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An article criticizing Japanese changes to their history text books. The changes are related to WWII and soften some of the horrors that happened during the war. While, given my very limited knowledge, I agree that the history is being revised to make it reflect the actions of the Japanese military is a less negative light, I do not agree with the almost holier-than-thou criticism. Every country revises history, and everyone, including the winners probably committed some atrocities during war. The difference is that the winners are able to get away without mentioning the atrocities at all in their text books.
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Finish A Vindication of the Rights of Woman by Mary Wollstonecraft. Wollstonecraft's main thesis, which was quite radical for the time, was that women should be educated towards ends other than catching a husband. Quite a good idea, I think. She argued that for women to be good wives and mothers they needed to have their reason trained and their body healthy; apparently simperring delicate women are not terribly useful, as much as the men may have liked them. This book was very difficult to read; sometimes Wollstonecraft seems to wander away from her point, and I am not sure that she always makes it back. However, it is an interesting book if you are interested in the history of feminism. It is also interesting if you are interested in Victorian literature since the period about which Wollstonecraft is writing is round about then.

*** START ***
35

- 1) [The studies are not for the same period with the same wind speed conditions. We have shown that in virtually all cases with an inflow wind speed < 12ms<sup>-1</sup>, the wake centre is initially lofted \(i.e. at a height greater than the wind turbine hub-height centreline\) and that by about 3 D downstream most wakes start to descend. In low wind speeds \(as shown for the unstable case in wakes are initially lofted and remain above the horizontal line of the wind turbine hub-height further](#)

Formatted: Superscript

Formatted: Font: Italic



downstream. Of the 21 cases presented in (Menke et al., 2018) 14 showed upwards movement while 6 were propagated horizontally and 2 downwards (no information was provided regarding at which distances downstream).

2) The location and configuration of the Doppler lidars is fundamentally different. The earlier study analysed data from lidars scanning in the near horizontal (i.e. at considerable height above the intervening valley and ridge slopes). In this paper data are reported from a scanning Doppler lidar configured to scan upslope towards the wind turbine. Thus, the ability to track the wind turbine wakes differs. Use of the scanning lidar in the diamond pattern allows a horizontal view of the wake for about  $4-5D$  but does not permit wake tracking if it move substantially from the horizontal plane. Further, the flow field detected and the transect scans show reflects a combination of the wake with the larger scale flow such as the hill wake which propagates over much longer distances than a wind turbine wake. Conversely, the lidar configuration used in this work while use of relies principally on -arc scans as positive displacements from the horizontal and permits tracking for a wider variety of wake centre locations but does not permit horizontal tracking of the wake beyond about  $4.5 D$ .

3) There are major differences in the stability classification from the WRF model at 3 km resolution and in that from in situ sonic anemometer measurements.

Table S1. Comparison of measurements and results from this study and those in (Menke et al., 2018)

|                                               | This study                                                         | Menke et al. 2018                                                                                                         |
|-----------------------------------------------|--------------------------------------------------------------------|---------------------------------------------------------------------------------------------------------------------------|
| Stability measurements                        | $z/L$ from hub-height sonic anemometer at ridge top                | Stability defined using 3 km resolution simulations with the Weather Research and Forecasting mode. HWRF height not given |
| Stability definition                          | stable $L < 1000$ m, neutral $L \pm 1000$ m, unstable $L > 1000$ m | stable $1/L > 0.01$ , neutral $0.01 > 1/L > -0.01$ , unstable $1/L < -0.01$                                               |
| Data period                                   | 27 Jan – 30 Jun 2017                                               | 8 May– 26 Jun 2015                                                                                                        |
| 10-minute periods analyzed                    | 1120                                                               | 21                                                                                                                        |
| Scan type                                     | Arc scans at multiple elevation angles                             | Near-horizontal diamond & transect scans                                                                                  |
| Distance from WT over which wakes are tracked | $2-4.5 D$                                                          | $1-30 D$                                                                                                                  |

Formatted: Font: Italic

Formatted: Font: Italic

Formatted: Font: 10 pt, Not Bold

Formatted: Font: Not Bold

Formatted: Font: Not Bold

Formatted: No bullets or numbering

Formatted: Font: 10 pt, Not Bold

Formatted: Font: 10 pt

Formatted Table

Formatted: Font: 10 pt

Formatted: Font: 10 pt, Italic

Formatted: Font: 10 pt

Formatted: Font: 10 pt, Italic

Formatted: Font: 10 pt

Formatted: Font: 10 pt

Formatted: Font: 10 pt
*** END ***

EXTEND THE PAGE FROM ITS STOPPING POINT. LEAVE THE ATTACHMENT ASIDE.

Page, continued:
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Finished 1776 by David McCullough. Yay for story-like history! The book managed to just miss going into enough detail about the boring bits of battles to bore me. Instead, there were lots of bits about people. But yes, good book. Fun read.
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Time for another one of Erika's exciting book reviews!

Today I finished America's Women: 400 Years of Doll, Drudges, Helpmates, and Heroines by Gail Collins. Collins describes the lives of American women from the colonial days to the near present. She describes on the lives of normal women as well as the lives of the women remembered by history. She tells how women dealt with household duties on covered wagons and discusses of the phenomenon "going steady" increased premarital sex. There are stories of how women came together to abolish slavery while denying free colored women membership in their societies. By giving all of these perspectives, Collins avoids painting women as perfect.

One criticism: Collins seems to sometimes gives too little credit to the role of men. However, since she does this by omission, not by belittling men, I suspect that it is just because there was a lot to fit in the book and history from the perspective of men can be found in other places.


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Erika RS

May 2012